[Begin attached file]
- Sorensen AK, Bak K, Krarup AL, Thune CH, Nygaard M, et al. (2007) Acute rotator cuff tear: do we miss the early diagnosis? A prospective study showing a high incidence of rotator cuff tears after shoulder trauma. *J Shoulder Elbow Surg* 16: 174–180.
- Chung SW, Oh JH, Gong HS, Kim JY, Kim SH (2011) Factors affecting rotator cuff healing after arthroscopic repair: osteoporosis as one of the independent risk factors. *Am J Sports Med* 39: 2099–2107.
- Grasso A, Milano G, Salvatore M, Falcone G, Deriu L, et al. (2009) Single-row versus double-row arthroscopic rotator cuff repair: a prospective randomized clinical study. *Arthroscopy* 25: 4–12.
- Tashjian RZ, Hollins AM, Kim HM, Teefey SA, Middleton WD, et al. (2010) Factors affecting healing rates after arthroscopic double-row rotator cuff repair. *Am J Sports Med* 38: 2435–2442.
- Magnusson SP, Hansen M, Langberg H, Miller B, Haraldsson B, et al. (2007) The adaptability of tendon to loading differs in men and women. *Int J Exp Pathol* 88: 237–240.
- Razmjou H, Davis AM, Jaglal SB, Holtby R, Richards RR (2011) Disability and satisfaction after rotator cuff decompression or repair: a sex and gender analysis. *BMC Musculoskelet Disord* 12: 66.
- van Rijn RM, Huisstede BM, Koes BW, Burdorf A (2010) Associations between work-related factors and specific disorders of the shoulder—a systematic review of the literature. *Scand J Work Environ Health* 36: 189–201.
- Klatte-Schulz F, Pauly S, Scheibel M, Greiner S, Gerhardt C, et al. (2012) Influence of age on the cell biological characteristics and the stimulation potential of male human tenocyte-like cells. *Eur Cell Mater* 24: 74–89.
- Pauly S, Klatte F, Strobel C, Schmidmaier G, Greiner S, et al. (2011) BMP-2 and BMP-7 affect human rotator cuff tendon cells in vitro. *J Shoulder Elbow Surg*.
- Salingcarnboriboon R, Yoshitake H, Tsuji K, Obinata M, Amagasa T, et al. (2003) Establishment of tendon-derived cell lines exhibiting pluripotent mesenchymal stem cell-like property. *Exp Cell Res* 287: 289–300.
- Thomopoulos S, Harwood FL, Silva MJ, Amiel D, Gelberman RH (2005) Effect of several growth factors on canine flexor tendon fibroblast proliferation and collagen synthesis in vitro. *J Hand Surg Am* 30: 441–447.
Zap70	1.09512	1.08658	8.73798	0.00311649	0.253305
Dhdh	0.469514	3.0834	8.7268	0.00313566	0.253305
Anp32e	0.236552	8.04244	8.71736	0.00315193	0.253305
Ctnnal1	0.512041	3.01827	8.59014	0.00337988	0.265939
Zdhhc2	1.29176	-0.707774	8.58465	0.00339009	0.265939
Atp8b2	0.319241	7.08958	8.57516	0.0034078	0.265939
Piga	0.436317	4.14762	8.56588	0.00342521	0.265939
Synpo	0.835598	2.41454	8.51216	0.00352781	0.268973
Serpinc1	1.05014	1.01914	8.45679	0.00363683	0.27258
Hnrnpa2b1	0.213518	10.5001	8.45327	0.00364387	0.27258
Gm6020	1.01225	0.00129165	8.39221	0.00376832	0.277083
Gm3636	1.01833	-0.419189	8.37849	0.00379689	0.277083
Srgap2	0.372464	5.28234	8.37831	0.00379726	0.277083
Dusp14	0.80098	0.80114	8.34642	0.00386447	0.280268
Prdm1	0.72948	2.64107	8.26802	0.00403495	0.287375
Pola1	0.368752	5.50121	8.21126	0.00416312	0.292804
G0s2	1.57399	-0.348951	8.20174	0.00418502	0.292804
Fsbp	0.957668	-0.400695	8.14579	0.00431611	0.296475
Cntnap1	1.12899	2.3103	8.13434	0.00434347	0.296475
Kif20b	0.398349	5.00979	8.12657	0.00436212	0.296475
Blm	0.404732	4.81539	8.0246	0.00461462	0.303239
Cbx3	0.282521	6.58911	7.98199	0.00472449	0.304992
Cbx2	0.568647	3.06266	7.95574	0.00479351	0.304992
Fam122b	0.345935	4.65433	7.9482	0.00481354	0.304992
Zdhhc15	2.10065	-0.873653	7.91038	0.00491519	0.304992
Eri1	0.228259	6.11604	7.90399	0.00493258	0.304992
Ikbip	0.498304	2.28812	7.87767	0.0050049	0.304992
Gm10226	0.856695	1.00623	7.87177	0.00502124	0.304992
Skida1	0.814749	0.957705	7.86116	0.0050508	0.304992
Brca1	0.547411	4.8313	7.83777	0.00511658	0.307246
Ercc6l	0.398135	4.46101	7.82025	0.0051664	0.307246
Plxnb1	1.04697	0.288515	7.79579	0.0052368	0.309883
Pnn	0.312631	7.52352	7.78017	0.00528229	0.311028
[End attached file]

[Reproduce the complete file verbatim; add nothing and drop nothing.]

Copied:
- Sorensen AK, Bak K, Krarup AL, Thune CH, Nygaard M, et al. (2007) Acute rotator cuff tear: do we miss the early diagnosis? A prospective study showing a high incidence of rotator cuff tears after shoulder trauma. *J Shoulder Elbow Surg* 16: 174–180.
- Chung SW, Oh JH, Gong HS, Kim JY, Kim SH (2011) Factors affecting rotator cuff healing after arthroscopic repair: osteoporosis as one of the independent risk factors. *Am J Sports Med* 39: 2099–2107.
- Grasso A, Milano G, Salvatore M, Falcone G, Deriu L, et al. (2009) Single-row versus double-row arthroscopic rotator cuff repair: a prospective randomized clinical study. *Arthroscopy* 25: 4–12.
- Tashjian RZ, Hollins AM, Kim HM, Teefey SA, Middleton WD, et al. (2010) Factors affecting healing rates after arthroscopic double-row rotator cuff repair. *Am J Sports Med* 38: 2435–2442.
- Magnusson SP, Hansen M, Langberg H, Miller B, Haraldsson B, et al. (2007) The adaptability of tendon to loading differs in men and women. *Int J Exp Pathol* 88: 237–240.
- Razmjou H, Davis AM, Jaglal SB, Holtby R, Richards RR (2011) Disability and satisfaction after rotator cuff decompression or repair: a sex and gender analysis. *BMC Musculoskelet Disord* 12: 66.
- van Rijn RM, Huisstede BM, Koes BW, Burdorf A (2010) Associations between work-related factors and specific disorders of the shoulder—a systematic review of the literature. *Scand J Work Environ Health* 36: 189–201.
- Klatte-Schulz F, Pauly S, Scheibel M, Greiner S, Gerhardt C, et al. (2012) Influence of age on the cell biological characteristics and the stimulation potential of male human tenocyte-like cells. *Eur Cell Mater* 24: 74–89.
- Pauly S, Klatte F, Strobel C, Schmidmaier G, Greiner S, et al. (2011) BMP-2 and BMP-7 affect human rotator cuff tendon cells in vitro. *J Shoulder Elbow Surg*.
- Salingcarnboriboon R, Yoshitake H, Tsuji K, Obinata M, Amagasa T, et al. (2003) Establishment of tendon-derived cell lines exhibiting pluripotent mesenchymal stem cell-like property. *Exp Cell Res* 287: 289–300.
- Thomopoulos S, Harwood FL, Silva MJ, Amiel D, Gelberman RH (2005) Effect of several growth factors on canine flexor tendon fibroblast proliferation and collagen synthesis in vitro. *J Hand Surg Am* 30: 441–447.
Zap70	1.09512	1.08658	8.73798	0.00311649	0.253305
Dhdh	0.469514	3.0834	8.7268	0.00313566	0.253305
Anp32e	0.236552	8.04244	8.71736	0.00315193	0.253305
Ctnnal1	0.512041	3.01827	8.59014	0.00337988	0.265939
Zdhhc2	1.29176	-0.707774	8.58465	0.00339009	0.265939
Atp8b2	0.319241	7.08958	8.57516	0.0034078	0.265939
Piga	0.436317	4.14762	8.56588	0.00342521	0.265939
Synpo	0.835598	2.41454	8.51216	0.00352781	0.268973
Serpinc1	1.05014	1.01914	8.45679	0.00363683	0.27258
Hnrnpa2b1	0.213518	10.5001	8.45327	0.00364387	0.27258
Gm6020	1.01225	0.00129165	8.39221	0.00376832	0.277083
Gm3636	1.01833	-0.419189	8.37849	0.00379689	0.277083
Srgap2	0.372464	5.28234	8.37831	0.00379726	0.277083
Dusp14	0.80098	0.80114	8.34642	0.00386447	0.280268
Prdm1	0.72948	2.64107	8.26802	0.00403495	0.287375
Pola1	0.368752	5.50121	8.21126	0.00416312	0.292804
G0s2	1.57399	-0.348951	8.20174	0.00418502	0.292804
Fsbp	0.957668	-0.400695	8.14579	0.00431611	0.296475
Cntnap1	1.12899	2.3103	8.13434	0.00434347	0.296475
Kif20b	0.398349	5.00979	8.12657	0.00436212	0.296475
Blm	0.404732	4.81539	8.0246	0.00461462	0.303239
Cbx3	0.282521	6.58911	7.98199	0.00472449	0.304992
Cbx2	0.568647	3.06266	7.95574	0.00479351	0.304992
Fam122b	0.345935	4.65433	7.9482	0.00481354	0.304992
Zdhhc15	2.10065	-0.873653	7.91038	0.00491519	0.304992
Eri1	0.228259	6.11604	7.90399	0.00493258	0.304992
Ikbip	0.498304	2.28812	7.87767	0.0050049	0.304992
Gm10226	0.856695	1.00623	7.87177	0.00502124	0.304992
Skida1	0.814749	0.957705	7.86116	0.0050508	0.304992
Brca1	0.547411	4.8313	7.83777	0.00511658	0.307246
Ercc6l	0.398135	4.46101	7.82025	0.0051664	0.307246
Plxnb1	1.04697	0.288515	7.79579	0.0052368	0.309883
Pnn	0.312631	7.52352	7.78017	0.00528229	0.311028